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January 19, 2022 | Most Splendid Housing Bubbles in Canada: Mad Scramble to Lock in Rising Mortgage Rates as Bank of Canada Is Set to Tighten

On his site, Wolf Richter slices into economic, business, and financial issues, Wall Street shenanigans, complex entanglements, debacles, and opportunities that catch his eye in the US, Canada, Europe, Japan, and China. He lives in San Francisco.

Potential homebuyers and speculators in Canada are now looking at rising interest rates coming their way, which is a dreadful sight with house prices at these ridiculous levels in the big markets.

As is typically the case early in rate-hike cycles, there is now a mad scramble underway to buy a house now, no matter what the price, in order to lock in the still very low mortgage rates, as prices have risen so far in recent years that even moderately higher mortgage rates move those payments out of reach.

But that mad scramble isn’t taking place in all markets. In three of Canada’s 11 largest markets – in Ottawa, Winnipeg, and Edmonton – home prices fell in December. But in the already hottest markets home prices re-surged, after having “paused” for several months.

Interest rates are already rising – but are still ridiculously low, and far below the red-hot inflation rate. The one-year yield of Canada Treasury securities has quadrupled since September 2021, to 1.05%. The 10-year Canada Treasury yield has jumped to 1.87% this morning, the highest since February 2019.

Most mortgages in Canada either have variable rates, or have fixed rates for terms typically ranging from 1-10 years. And those rates have started to rise too, but just barely.

Inflation started raging last year and in December reached 4.8%, the worst inflation rate since 1991.

The Bank of Canada is so far behind the curve it can’t even see the curve, but it is expected to finally finally finally raise its policy rates next week for the first time in this cycle. It ended QE last year, after wagging its finger at the excesses in the housing market that resulted from its reckless QE and interest rate repression. The BoC’s total assets have been flat since October, and at just under C$500 billion, are down 13% from the peak in March 2021:

Mad scramble to lock in mortgage rates before they rise further.

In Greater Vancouver, house prices rose 1.0% in December from November, after having been flat for three months, according to the Teranet-National Bank House Price Index, released today. Year-over-year, prices jumped 14.2%, down from the 17%-range last summer.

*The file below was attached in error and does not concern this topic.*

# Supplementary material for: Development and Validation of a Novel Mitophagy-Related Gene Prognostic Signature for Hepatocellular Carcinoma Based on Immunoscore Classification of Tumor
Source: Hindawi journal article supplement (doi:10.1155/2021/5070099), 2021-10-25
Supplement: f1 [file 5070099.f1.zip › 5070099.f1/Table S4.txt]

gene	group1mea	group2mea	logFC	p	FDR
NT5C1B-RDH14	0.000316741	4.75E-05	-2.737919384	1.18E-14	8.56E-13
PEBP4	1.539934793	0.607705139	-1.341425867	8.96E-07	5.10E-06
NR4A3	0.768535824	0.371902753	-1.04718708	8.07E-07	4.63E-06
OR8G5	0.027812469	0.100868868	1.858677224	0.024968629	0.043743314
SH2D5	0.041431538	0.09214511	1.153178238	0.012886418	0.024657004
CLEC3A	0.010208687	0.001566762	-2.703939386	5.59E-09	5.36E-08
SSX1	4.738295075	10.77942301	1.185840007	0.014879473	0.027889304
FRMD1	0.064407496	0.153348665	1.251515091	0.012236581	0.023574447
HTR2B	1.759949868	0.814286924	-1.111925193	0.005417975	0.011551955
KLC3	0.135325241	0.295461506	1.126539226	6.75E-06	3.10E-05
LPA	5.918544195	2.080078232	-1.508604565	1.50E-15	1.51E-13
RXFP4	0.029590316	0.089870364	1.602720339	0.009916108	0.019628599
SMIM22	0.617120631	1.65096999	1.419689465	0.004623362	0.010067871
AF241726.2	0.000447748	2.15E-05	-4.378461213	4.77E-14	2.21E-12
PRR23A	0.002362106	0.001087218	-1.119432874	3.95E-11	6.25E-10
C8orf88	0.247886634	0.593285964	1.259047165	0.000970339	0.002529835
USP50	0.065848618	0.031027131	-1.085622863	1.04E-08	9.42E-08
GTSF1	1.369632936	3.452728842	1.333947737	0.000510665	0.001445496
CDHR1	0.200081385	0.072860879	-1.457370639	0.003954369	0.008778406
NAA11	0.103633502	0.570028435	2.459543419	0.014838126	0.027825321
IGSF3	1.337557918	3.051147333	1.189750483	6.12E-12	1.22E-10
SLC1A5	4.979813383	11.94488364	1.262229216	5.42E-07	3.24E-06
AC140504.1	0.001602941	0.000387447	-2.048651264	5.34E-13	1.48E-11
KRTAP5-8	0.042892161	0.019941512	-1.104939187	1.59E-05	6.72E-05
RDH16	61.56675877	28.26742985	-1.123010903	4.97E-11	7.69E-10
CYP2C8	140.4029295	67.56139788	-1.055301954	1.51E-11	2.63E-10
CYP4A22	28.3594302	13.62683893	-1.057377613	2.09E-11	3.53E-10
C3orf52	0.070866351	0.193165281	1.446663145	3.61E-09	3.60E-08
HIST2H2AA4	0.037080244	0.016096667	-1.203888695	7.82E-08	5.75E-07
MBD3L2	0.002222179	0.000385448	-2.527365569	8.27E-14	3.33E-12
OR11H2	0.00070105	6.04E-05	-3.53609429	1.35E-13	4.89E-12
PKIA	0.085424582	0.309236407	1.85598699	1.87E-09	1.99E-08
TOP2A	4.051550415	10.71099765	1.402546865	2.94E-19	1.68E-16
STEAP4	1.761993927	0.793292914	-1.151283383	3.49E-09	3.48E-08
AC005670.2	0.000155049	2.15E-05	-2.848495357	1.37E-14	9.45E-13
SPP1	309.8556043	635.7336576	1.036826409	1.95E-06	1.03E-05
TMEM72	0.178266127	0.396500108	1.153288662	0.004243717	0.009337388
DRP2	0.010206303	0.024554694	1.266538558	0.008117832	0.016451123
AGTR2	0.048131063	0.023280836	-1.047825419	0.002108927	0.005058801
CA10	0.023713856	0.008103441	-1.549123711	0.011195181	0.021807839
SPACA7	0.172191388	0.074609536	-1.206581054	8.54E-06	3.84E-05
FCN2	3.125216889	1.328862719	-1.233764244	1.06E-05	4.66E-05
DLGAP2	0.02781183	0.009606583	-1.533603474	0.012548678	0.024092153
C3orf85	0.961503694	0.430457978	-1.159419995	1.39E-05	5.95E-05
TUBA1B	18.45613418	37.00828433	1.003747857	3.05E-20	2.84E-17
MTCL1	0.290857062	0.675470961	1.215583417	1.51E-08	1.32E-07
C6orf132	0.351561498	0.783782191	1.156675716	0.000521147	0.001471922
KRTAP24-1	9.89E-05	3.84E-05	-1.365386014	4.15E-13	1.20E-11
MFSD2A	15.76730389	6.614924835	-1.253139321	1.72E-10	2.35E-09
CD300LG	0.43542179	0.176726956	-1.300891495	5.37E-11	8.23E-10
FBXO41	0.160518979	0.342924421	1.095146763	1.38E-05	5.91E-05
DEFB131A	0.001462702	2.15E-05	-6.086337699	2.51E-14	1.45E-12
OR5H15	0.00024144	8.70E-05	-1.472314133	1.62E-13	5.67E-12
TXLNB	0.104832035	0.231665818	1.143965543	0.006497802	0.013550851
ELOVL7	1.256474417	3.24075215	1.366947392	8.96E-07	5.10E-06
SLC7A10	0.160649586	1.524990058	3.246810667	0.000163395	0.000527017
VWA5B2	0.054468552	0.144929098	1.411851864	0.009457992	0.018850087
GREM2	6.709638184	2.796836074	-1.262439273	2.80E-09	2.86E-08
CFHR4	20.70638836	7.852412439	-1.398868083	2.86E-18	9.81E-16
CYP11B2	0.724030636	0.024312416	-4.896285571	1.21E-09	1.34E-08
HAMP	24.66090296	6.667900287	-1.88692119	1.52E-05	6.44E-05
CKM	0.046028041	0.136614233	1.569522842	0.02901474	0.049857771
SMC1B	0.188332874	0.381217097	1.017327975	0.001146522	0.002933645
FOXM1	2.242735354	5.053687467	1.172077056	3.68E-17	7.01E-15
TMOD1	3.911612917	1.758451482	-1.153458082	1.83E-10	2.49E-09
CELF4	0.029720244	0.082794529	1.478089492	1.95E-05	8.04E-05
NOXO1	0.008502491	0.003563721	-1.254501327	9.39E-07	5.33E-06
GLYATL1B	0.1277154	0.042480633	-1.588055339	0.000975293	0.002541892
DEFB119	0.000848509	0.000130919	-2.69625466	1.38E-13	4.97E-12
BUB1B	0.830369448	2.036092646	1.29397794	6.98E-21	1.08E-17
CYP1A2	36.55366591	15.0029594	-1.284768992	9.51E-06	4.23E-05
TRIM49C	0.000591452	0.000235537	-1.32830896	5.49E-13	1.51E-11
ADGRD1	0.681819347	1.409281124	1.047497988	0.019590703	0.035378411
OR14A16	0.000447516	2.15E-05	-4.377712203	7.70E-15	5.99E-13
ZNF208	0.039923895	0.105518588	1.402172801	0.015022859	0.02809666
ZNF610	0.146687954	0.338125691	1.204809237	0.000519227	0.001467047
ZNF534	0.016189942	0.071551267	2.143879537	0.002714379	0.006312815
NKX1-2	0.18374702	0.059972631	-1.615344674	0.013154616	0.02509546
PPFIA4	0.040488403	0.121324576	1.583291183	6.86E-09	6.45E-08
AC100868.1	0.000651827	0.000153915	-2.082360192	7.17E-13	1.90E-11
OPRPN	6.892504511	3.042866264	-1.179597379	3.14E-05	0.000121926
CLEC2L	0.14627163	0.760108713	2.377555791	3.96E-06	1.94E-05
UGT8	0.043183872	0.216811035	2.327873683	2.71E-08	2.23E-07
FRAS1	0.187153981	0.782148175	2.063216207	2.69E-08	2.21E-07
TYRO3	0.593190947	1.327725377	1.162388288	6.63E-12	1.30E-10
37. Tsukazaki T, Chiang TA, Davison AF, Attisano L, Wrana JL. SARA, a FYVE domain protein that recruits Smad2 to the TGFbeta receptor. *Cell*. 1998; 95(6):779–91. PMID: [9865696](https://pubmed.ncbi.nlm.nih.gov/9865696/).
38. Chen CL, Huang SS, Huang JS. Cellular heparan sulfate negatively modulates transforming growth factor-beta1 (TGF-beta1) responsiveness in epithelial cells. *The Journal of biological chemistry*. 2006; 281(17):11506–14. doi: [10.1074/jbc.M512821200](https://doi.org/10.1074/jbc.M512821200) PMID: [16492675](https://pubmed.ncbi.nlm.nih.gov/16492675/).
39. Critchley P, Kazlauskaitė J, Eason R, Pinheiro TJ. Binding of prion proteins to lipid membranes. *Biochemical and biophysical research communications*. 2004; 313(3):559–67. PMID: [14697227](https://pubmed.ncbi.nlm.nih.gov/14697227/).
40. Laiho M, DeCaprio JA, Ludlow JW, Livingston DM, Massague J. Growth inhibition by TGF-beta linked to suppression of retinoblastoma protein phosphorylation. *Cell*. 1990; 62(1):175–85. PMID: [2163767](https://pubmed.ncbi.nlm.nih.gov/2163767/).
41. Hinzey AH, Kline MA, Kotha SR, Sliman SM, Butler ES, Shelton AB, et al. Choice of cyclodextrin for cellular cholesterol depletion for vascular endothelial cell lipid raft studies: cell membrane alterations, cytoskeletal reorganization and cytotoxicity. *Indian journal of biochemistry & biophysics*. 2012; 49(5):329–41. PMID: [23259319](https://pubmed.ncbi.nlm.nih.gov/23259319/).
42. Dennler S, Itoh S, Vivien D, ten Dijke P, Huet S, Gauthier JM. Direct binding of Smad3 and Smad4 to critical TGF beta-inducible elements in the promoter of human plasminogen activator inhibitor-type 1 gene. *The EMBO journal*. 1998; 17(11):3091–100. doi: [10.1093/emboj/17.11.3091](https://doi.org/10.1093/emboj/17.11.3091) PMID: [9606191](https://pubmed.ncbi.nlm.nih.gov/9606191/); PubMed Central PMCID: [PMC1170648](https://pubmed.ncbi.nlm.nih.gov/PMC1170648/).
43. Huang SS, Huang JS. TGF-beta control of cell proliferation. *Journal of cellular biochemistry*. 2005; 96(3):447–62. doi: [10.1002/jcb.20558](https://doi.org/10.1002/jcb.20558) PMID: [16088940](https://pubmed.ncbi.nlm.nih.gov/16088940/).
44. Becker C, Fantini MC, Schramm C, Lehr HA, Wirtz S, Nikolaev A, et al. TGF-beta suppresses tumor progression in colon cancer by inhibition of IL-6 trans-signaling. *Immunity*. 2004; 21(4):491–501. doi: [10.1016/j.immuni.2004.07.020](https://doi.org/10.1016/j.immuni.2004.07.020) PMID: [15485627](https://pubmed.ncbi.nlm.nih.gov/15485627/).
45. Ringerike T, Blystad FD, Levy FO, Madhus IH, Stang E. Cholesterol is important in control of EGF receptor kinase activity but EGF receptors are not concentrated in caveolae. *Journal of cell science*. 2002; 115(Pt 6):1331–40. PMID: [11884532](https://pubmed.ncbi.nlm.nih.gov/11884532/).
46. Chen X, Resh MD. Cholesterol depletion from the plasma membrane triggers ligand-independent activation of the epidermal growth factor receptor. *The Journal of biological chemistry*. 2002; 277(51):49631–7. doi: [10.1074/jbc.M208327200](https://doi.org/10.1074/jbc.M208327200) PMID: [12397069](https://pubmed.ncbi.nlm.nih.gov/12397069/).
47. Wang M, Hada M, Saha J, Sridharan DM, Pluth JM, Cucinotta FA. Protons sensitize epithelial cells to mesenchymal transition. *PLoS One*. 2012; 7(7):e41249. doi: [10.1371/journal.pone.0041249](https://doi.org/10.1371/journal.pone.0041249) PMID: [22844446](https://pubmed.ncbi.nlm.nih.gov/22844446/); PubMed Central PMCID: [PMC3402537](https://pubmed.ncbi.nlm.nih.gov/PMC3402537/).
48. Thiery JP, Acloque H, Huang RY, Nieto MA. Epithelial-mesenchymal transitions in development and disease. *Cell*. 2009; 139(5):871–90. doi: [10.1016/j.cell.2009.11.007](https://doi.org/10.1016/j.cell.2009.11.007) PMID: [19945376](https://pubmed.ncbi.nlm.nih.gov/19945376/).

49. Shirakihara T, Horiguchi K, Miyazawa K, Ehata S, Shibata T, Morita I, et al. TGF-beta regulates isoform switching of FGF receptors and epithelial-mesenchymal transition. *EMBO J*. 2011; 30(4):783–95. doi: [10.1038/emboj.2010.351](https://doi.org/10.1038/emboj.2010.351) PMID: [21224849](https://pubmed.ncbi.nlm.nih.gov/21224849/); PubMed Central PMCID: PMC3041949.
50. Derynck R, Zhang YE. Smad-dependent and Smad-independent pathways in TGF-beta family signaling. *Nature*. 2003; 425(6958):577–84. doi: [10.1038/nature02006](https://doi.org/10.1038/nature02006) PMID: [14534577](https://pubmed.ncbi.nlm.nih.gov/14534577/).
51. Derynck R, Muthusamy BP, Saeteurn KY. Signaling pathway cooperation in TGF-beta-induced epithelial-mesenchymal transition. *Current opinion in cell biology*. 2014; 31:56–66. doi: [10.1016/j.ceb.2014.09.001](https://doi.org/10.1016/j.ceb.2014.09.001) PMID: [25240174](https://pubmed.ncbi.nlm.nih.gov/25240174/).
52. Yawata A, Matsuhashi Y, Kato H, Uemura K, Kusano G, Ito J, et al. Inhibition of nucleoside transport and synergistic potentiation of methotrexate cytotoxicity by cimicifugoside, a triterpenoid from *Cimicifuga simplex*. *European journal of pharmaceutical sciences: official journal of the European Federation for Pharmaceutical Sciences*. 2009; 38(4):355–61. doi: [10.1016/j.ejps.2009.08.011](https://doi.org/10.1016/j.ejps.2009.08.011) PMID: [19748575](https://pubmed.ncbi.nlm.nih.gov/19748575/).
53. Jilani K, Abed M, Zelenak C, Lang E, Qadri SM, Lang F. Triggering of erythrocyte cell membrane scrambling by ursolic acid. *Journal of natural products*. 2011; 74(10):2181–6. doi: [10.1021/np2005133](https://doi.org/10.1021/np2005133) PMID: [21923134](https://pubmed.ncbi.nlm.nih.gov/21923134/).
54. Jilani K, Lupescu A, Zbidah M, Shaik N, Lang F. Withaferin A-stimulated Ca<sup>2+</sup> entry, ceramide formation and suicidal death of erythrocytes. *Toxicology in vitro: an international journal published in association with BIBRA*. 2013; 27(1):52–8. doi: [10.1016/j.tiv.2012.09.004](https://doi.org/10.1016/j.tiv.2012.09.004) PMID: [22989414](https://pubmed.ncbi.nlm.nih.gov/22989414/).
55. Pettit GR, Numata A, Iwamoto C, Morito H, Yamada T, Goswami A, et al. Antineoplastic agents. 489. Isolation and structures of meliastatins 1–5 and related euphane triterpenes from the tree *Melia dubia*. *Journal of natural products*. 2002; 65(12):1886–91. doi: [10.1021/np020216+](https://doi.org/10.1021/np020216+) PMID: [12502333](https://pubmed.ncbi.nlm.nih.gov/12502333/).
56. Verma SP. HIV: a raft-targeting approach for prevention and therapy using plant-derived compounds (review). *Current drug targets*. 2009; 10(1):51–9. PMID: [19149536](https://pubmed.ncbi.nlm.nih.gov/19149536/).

Vancouver’s housing market had been on a decline that started in August 2018, when the BoC’s reckless monetary policies came to the rescue to refuel the spike:

The Teranet-National Bank House Price Index is based on the “sales pairs” method. Much like the Case-Shiller Home Price Index in the US, it is a three-month moving average and compares the price of a house that sold in the current month to the price of the same house when it sold previously. In other words, it tracks how many Canadian dollars it takes to buy the same house over time, which makes it a measure of house price inflation.

The charts here are all on the same scale, and markets with less house price inflation over the past two decades have more white space above the curve.

In the Greater Toronto Area, home prices rose 0.9% in December from November, and by 16.8% year-over-year:

In Hamilton, Ontario, house prices jumped by 1.2% in December from November – a crazy increase but down from the even crazier increases in mid-2021 that reached 3.8% in June. Year-over-year, the index jumped by 25.4%, but that was down from the 30% spikes in July and August. Thank you, halleluiah, for the miracles of the Bank of Canada’s money-printing machine:

In Victoria, house prices spiked by 2.1% for the month, and by 19.7% year-over-year. From 2018 through June 2020, prices had flattened, but then the BoC started performing its miracles:

In Winnipeg, house prices declined for the month, after having been flat for two months in a row, which whittled down the year-over-year increase to 7.5%. Before the jump that started in late 2020, prices had remained about level for seven years, after the housing boom that petered out in 2013:

In Montreal, house prices jumped 1.1% for the month, after three months of staying put. Year-over-year, prices rose 15.6%, amid its lowest year-over-year gains all year that had maxed with a 21.6% gain in August:

In Ottawa, house prices fell 0.3% for the month, the fourth month in a row of declines. This whittled down the year-over-year gain to 16.3%, from the peak in July of 28.9%:

In Halifax, house prices spiked by 1.9% for the month, but that spike was just a shadow of the 5.4% idiocy spike in April. This pushed the year-over-year spike to 30.7%. A housing chart like this is just nuts:

In Quebec City, house prices rose 1.1% for the month, and by 10.4% year-over-year:

Calgary and Edmonton didn’t qualify for the most splendid housing bubbles in Canada because prices have gone nowhere since the end of the bubble in 2007, which is less than splendid. Canada’s oil towns had mind-boggling housing booms through 2007, powered by the endless money of their oil booms. But the money ended, and for the following 14 years, house prices went nowhere.

In December, Calgary’s house prices – up 0.3% for the month and 8.5% for the year – were barely above their 2007 levels. Edmonton’s house prices – down 0.4% for the month and up 4.3% year-over-year – remain below 2007 levels.

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January 19th, 2022

Posted In: Wolf Street

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